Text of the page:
In last week’s parsha, Abraham and Sarah are super welcoming to the strangers and in this week’s parsha, Lot welcomes the angels. Then the cities of Sodom and Gomorrah are destroyed in part because they weren’t all that welcoming. Being welcoming is a really big deal in the Jewish tradition. You have to make sure your guests feel comfortable – that they have enough to eat, that the attention paid to them is positive, that they are safe. In fact, welcoming guests is one of the lines we read in that bit about ‘these are the deeds whose reward gives you benefit in both this world and the next, which you get from Torah study’. Welcoming guests is considered a big deal for everyone. There are countless stories about rabbis that are welcomed properly or improperly, or even the Messiah being welcomed properly or improperly. It’s a Jewish value. I know because it was listed as a Jewish value in the list of Jewish values that my son had to learn to get his next colour of kippah. (Your son is a red belt in Karate? My son is a red kippah in Jewish values! Sometimes my life is funny.) So, welcoming is a big deal – especially in my current Shul which compares itself to Abraham and Sarah’s tent, which welcomes gay and interfaith couples, which is open and accepting.
OK, complete change of topic. When I was a little girl, the school I daily attended was Orthodox. There, I daily said the Birkot HaShahar, the morning blessings – the ones where we say things like “Thank You God for opening the eyes of the blind” (about our ability to see,) “Thank You God for making firm the land over the waters” (about our ability to stand,) “Thank You God for crowning Israel with glory” (well, there’s a reason to wear a kippah!) Among them was the blessing (for boys) that said “Thank You God for making me a man” and (for girls,) “Thank You God for making me according to Your will/word.” I asked a Rabbi at the time what the reason for the discrepancy might be. “Oh,” said he, “men have a lot of religious obligations and they want to show God how ready they are to do the hard work, so they thank God for giving them all these obligations. Women, on the other hand have it easier, religiously, and it would be obnoxious to thank God for not giving them so much work. So, women just thank God for making them how God wills.” It was a sweet explanation – but it didn’t entirely work for me then, and less and less as time went on. Women had lots of hard work, religious or otherwise, from what I could see, and saying thank you for making someone a man had a feeling of privilege, not acceptance of work.
New topic again! (What is it with this crazy post? It seems to go everywhere!) Interfaith families are a thing at Shul. There are and have been for some time lots of people who have a non-Jewish spouse, parent, child, sibling (yes, that’s possible, think about it,) other relative, or friend sitting with them or at least in the same row. Some people feel that these non-Jews cannot be more than guests at the Shul. They certainly cannot be members – it’s a Jewish community and they’re not Jews. That’s so simple and fundamental, it shouldn’t need mentioning. And yet – it stopped being simple when these guests became our family. They are there. They often sing the prayers with us, frequently much better than I can. They are the ones who drive the kids, participate on committees, pay the membership fees. Yes, they are guests. They are involved guests, though.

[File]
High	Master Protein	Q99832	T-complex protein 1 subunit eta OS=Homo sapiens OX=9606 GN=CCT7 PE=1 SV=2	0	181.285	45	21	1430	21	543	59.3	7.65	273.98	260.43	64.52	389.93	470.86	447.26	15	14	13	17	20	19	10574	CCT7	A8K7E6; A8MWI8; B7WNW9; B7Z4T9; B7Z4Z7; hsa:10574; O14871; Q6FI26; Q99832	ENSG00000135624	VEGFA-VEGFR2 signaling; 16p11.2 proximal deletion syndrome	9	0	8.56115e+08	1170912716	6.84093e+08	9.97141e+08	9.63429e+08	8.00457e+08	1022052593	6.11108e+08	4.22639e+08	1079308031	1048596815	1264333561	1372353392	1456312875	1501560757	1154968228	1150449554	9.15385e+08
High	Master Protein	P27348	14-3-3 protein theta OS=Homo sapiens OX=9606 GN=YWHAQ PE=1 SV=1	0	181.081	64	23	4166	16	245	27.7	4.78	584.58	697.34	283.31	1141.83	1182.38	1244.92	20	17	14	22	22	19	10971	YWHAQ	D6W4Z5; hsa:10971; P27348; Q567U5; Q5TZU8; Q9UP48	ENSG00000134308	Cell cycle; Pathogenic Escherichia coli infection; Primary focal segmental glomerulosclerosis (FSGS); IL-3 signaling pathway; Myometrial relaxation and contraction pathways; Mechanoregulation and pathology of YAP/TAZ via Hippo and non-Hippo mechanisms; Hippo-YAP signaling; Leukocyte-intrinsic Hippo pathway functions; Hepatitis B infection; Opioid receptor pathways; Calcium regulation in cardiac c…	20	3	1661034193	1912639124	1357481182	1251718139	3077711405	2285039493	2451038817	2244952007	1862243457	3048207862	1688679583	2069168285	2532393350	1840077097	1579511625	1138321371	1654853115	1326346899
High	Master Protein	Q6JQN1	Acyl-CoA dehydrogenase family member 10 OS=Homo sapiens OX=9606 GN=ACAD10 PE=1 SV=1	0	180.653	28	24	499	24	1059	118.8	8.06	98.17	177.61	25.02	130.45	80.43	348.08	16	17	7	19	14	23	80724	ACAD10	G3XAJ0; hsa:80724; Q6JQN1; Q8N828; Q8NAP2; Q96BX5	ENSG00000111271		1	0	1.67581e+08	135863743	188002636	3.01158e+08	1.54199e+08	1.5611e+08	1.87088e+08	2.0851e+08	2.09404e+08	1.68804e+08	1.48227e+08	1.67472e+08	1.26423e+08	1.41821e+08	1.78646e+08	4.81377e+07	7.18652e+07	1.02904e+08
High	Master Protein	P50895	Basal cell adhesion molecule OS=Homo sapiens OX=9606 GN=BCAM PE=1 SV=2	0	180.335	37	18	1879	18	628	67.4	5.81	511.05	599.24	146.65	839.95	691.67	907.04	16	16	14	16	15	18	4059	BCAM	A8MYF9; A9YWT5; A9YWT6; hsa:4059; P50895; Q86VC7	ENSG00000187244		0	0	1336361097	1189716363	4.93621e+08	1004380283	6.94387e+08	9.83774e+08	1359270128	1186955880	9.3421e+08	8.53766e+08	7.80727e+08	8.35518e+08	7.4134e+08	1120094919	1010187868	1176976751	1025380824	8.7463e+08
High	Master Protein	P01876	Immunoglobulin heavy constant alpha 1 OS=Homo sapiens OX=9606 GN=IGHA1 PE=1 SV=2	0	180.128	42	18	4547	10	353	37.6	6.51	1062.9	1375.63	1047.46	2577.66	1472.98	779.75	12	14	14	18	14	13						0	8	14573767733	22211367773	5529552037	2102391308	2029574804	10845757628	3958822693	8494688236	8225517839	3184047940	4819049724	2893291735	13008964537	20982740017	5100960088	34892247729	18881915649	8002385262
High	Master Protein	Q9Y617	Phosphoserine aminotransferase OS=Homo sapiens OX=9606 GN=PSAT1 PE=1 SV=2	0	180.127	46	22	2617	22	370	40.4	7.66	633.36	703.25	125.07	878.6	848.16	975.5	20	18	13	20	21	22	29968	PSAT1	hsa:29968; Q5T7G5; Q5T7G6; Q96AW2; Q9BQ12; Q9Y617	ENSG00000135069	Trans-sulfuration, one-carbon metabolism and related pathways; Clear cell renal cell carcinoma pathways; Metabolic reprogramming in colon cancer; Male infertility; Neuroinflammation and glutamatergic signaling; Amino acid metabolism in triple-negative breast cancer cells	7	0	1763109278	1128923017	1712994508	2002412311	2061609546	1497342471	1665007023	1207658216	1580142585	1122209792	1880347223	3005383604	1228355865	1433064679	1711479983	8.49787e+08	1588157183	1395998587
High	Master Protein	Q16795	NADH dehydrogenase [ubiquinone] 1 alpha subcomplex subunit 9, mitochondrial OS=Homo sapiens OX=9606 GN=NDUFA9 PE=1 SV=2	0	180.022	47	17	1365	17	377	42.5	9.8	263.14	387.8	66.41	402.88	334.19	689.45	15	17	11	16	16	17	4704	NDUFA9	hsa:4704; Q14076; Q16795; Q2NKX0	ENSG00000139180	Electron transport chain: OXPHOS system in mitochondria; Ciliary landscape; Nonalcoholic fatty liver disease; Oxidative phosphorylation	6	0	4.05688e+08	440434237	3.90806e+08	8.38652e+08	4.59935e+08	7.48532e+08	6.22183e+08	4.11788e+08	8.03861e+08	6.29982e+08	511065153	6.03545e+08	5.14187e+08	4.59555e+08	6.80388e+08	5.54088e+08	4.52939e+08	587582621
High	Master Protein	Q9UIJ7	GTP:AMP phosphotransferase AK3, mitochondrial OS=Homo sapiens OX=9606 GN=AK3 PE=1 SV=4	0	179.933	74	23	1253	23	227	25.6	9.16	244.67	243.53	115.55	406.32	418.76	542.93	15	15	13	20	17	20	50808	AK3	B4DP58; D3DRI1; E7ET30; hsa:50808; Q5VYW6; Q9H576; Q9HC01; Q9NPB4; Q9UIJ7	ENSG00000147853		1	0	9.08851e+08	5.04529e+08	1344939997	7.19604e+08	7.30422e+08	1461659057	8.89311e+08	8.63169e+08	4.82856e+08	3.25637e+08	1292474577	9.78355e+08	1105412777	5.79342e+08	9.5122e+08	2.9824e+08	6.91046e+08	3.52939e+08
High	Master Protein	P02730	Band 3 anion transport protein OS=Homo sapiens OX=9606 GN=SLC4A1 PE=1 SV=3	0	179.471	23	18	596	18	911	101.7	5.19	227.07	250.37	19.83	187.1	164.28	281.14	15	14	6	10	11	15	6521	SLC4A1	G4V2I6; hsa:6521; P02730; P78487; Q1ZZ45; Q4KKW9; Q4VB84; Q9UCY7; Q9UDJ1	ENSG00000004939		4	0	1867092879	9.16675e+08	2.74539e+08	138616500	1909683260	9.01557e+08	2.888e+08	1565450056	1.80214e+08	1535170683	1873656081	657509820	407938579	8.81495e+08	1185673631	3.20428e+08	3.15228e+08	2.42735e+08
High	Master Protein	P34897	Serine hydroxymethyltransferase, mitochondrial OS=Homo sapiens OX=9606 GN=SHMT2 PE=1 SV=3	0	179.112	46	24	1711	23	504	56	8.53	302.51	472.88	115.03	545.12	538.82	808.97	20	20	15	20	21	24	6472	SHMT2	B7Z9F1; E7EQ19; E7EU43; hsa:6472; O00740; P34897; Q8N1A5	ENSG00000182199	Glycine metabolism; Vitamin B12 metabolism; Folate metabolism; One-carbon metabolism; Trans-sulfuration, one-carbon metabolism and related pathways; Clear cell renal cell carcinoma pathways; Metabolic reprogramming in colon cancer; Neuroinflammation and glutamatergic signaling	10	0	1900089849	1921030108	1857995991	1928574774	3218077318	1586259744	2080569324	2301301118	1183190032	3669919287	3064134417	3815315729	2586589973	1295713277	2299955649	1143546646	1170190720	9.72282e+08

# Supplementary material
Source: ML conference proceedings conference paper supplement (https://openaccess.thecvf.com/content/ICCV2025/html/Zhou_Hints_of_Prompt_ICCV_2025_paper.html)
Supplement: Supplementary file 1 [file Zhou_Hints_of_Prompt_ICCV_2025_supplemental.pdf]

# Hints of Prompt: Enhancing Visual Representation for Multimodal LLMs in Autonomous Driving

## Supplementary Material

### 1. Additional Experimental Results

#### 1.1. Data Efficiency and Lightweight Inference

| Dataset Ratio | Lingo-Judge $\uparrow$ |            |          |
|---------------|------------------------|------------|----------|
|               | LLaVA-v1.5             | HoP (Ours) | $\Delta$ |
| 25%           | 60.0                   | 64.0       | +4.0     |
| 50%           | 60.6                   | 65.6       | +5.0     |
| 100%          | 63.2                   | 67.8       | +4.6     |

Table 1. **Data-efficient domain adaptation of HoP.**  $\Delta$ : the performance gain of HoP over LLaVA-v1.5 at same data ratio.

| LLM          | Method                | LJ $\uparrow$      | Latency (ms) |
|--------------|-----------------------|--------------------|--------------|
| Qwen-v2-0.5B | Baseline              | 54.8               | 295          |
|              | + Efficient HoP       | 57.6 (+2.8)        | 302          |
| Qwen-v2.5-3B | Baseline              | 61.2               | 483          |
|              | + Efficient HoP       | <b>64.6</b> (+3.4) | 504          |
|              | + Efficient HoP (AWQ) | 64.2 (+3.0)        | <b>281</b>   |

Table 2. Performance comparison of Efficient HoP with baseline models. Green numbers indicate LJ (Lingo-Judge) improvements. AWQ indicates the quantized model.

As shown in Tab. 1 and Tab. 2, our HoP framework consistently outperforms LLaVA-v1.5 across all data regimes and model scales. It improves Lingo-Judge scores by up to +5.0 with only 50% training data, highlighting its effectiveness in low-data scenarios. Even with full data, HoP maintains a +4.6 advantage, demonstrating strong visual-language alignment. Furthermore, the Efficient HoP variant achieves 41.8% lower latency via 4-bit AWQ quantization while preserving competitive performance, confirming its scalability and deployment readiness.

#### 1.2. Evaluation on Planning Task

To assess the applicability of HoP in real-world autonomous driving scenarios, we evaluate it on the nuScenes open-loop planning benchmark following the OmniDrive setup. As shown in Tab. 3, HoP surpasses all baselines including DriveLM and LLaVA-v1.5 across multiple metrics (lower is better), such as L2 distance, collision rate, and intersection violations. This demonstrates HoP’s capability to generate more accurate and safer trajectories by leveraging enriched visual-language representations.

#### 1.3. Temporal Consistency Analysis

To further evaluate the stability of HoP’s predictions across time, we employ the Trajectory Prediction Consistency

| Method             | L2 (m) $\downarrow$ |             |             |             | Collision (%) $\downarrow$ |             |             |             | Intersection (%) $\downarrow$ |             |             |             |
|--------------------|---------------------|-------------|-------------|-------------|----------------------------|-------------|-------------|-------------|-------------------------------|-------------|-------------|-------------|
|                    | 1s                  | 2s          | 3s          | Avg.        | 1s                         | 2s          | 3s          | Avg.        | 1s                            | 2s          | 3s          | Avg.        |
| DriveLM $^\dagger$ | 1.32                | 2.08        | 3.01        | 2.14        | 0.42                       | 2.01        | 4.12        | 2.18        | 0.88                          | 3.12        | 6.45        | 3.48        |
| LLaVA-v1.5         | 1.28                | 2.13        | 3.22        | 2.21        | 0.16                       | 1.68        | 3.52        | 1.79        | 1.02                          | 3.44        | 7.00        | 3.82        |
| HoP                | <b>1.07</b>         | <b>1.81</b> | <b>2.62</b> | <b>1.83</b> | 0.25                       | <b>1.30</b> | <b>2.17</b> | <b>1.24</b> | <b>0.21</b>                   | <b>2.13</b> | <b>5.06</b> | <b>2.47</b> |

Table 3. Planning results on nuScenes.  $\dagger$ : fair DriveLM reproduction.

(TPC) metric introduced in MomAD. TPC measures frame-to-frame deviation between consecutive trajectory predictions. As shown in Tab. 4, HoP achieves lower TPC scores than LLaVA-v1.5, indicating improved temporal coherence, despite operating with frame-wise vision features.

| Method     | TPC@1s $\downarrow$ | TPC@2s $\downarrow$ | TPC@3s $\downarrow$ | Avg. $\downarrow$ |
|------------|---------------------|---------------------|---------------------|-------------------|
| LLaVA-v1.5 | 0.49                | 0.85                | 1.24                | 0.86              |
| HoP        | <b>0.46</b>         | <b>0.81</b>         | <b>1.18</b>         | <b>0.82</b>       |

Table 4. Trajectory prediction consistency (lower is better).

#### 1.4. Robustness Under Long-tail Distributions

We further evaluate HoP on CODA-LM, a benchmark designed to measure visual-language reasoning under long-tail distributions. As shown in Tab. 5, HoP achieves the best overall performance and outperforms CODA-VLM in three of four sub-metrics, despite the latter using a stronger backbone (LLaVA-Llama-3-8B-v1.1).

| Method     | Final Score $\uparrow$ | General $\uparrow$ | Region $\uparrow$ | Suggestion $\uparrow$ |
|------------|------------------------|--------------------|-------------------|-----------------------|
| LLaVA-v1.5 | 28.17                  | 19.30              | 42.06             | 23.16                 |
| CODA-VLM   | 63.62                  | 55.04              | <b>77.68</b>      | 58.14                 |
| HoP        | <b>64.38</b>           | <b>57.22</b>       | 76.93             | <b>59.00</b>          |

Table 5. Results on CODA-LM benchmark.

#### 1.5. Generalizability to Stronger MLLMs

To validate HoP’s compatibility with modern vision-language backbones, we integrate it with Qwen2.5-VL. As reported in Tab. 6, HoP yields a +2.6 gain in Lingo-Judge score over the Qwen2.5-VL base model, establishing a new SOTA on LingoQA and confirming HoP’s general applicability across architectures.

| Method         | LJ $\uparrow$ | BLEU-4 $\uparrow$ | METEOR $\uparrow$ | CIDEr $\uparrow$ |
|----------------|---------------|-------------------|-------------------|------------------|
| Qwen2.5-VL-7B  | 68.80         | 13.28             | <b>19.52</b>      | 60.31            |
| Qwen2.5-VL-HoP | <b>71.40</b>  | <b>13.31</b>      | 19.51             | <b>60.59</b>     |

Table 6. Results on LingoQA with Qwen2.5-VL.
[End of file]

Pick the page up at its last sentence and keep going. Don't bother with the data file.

One day, sitting in my seat as the Birkot HaShahar came up, I thought about what my family member, the non-Jewish guest sitting next to me, was saying when I said “Thank You God for making me a Jew.” Was that line making her as uncomfortable as “Thank You God for making me a man” had made me many years ago? Of course, it is a perfectly valid prayer, with years of tradition. I could point out that Jews are a minority, and often disadvantaged, not privileged. Also, many non-Jewish guests will just not sing because it’s in Hebrew or sing without understanding, because it’s in Hebrew. It doesn’t say being a non-Jew is *bad* per se, it just says it’s different. In the Aleynu too – it’s just different. It doesn’t mean we don’t like non-Jews when we thank God for making us different from the other nations, and not making out portions like theirs or our having our futures be like everyone else’s. During Havdala – when we separate Jews from non-Jews, light from darkness, holy from everyday – surely we are not even slightly implying that Jews are bright and holy and non-Jews are dark and everyday.
I know all the explanations. I’ve given them. Is it welcoming, though? Is it what Abraham and Sarah, with a tent open on all sides, would have wanted? Would they be OK with it? I am not sure. I wasn’t entirely satisfied with my Rabbi’s explanation when I was a young girl. I don’t see why my non-Jewish friends would be. I can’t help but think how I would feel if I came to church every week for some reason (it’s been known to happen) and heard a prayer that included “Thank God we’re Christians” and “Praise God we’re not stuck being like those others” and “Thanks for separating us from them.” I might not feel welcome at all. So, for me, prayers need to change. We find ways to praise God for giving us a chosen destiny without denigrating others. I skip these bits in the Birkot HaShahar, the Aleynu, and the Havdala. I stand quiet during these parts and think to myself, “what can I do to be more welcoming?”
Sometimes, only slightly amused at my life, I will even say that prayer I disdained when I was a young girl. Maybe that’s the one we should all say, as it reminds us of the fact that we are all strangers – all guests in someone’s tent. We all need compassion and acceptance, men, women, Jews and non-Jews. “Thank You, God for making me according to Your will.”